Does your team have the six characteristics that can improve product design?

Publisher:
Telstra Wholesale
Name:
Does your team have the six characteristics that can improve product design?
Copyright Date:
23/05/2019
Copyrighted By:
Telstra Wholesale
Family Friendly:
Yes
Language:
English
Categories:

Does your team have the six characteristics that can improve product design?


Design thinking creates better outcomes


Customers’ creative thinking and human-centred design skills were put through their paces at a workshop led by Jane Curtain, Telstra Senior Design and Research Lead.

Human-centred design (HCD) is a creative approach to problem-solving that puts the customers’ needs at the core. And it’s important because research from the Design Institute found that design-centric companies were found to be 211 per cent more profitable than those that aren’t.
 

Human-Centred Design is a way of working that helps us integrate people’s needs with business opportunities and technical possibilities


Jane outlined the six characteristics that leaders should cultivate in their teams to be successful with the human-centred design method. These are:

    1. Curious and questioning: what customer problem are we trying to solve?

    2. Empathic: what are the frustrations or concerns our customers feel?

    3. Imaginative: how can we best solve these frustrations?

    4. Iterative: how can we continuously improve our initial thinking?

    5. Visual: how can we visualise our ideas to provide a new lens on problems

    6. Collaborative: who do we need to involve to ensure our proposed solution hits the mark?


 

 

Jane explained that human-centred design typically follows a ‘double-diamond’ process of widening and narrowing focus across four stages. These stages are:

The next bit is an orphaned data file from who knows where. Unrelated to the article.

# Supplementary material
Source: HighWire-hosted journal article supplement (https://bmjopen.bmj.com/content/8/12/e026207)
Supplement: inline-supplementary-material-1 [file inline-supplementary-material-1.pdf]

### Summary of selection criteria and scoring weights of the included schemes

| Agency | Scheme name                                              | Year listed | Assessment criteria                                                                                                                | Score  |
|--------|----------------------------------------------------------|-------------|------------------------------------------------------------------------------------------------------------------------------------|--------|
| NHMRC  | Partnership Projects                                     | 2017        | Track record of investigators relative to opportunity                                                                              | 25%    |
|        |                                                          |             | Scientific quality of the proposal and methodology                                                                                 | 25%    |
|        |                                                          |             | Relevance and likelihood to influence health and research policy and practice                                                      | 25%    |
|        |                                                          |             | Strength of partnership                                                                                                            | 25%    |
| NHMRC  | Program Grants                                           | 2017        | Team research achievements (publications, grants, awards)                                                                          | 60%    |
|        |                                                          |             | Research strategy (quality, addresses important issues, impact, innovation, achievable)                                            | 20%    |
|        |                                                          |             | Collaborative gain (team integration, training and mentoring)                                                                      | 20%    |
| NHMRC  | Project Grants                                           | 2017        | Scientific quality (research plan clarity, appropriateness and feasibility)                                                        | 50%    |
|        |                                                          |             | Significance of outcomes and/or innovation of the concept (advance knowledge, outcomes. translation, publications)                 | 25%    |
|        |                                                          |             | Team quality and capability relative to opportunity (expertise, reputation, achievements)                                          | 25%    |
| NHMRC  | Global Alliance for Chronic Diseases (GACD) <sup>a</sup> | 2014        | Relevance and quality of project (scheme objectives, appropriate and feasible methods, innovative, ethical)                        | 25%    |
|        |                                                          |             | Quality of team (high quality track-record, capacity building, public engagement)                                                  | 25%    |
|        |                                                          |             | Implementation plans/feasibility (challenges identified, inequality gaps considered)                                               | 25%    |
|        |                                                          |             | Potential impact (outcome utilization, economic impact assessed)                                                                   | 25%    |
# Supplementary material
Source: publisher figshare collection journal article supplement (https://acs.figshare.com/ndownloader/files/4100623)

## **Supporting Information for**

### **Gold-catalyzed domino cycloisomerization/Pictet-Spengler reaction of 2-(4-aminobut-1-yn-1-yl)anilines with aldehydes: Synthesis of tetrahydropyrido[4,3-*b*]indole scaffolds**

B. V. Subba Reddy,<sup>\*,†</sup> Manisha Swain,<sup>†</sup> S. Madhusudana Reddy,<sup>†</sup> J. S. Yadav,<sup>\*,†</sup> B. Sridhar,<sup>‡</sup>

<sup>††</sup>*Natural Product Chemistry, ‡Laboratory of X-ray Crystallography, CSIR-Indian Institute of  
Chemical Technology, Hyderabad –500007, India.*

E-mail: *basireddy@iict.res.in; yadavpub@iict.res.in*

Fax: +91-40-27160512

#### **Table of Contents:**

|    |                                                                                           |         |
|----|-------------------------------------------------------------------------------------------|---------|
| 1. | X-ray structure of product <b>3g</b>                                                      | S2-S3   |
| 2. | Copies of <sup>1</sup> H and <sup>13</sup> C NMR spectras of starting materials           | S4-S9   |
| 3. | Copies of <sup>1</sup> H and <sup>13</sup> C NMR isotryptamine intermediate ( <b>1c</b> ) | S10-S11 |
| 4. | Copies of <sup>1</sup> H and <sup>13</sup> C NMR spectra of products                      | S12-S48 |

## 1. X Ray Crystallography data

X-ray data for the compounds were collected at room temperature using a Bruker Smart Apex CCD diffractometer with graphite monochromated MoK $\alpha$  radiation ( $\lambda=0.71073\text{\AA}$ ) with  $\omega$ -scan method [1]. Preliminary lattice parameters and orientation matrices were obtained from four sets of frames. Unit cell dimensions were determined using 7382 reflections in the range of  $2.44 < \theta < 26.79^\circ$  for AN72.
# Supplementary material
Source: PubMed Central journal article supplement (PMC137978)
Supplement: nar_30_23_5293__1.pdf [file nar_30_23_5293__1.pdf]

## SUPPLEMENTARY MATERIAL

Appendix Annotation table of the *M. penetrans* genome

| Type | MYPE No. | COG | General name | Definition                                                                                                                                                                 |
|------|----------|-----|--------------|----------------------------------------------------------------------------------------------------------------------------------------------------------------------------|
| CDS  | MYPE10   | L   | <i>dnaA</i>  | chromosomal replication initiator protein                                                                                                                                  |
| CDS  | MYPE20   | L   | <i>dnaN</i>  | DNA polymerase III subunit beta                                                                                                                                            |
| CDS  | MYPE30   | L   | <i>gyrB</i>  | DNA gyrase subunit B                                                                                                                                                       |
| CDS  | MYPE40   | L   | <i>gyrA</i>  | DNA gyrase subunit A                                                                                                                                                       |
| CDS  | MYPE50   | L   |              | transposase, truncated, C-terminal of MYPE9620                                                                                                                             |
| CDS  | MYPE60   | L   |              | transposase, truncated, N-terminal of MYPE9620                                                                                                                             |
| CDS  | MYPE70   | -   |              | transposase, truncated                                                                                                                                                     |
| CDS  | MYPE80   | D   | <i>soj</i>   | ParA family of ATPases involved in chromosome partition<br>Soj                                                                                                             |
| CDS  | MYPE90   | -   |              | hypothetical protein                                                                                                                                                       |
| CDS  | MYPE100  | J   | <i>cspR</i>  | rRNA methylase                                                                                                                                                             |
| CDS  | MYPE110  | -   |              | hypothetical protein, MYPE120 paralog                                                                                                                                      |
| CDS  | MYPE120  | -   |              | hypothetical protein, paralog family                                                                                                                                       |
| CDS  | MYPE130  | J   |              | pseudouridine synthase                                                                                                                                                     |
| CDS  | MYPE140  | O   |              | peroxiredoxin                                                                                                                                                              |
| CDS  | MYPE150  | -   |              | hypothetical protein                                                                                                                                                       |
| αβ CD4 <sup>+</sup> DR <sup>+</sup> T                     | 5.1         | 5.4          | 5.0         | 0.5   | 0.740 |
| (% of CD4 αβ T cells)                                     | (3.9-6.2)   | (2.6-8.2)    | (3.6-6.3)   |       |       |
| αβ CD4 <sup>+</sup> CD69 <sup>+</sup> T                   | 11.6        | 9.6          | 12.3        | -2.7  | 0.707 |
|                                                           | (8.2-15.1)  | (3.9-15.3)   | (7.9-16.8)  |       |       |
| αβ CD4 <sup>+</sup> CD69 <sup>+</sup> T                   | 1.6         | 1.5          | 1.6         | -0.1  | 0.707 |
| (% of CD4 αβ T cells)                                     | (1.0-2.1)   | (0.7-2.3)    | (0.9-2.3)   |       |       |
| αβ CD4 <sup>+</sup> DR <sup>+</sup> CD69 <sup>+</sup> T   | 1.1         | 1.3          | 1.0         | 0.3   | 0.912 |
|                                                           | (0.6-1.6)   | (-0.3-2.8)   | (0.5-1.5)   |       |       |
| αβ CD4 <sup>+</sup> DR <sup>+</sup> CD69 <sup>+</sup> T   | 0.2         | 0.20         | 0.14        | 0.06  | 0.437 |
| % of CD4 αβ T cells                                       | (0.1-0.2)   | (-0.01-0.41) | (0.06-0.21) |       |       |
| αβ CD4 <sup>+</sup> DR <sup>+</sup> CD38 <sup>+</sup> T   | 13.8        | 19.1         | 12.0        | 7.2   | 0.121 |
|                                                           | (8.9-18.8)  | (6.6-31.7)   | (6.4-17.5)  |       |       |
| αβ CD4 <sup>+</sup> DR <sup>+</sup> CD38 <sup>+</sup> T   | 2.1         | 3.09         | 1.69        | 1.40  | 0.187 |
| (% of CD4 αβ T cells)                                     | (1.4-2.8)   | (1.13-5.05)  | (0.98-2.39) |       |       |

1. Discover: research the problem through customer research

    2. Define: pinpoint the problem by understanding the customer insights

    3. Develop: iteratively ideate, prototype, test and learn

    4. Deliver: deliver a solution that addresses the problem.

 


Round Robin Brainstorming

Attendees were then invited to take part in a round robin brainstorm. Each member of the audience asked to write down one idea for stopping cyber bullying among school children.
Each attendee then passed their idea to another who wrote a short critique before passing the idea to a third. The last contributor reviewed both the idea and the critique before attempting to solve the problems raised and improve the initial idea.

Participants were not allowed to talk to each other until after the third person had completed their review. While it might seem counter-intuitive for a brainstorm, this intentional lack of debate and collaboration in the early stages is actually a way to ensure more voices are heard.

“When a group throws ideas around without ensuring every member gets to individually contribute, it can quickly end up deferring to the HiPPO - the highest paid person’s opinion. But that means a lot of potentially great ideas are lost,” Jane said. “Round robin brainstorms are very useful for avoiding the pitfalls of typical group sessions. They promote group authorship and help you to think of new and creative ideas.”

Ian Summers, Operations Director of Enablis was impressed with the approach. “This session was excellent. It is a really fresh, easy and novel way to get my team’s creative minds to work,” Ian said.

“I like the fact you don’t know the outcome, and it takes away egos. You can see the thinking as people work through ideas and a quick idea became visible and more formalised. 
“I will be taking it back to our company to try it out.”

John Fearn
The Author John Fearn

John is a writer and tech addict with over 15 years’ experience of working for some of Australia and the UK’s leading brands.

See all of John Fearn's posts


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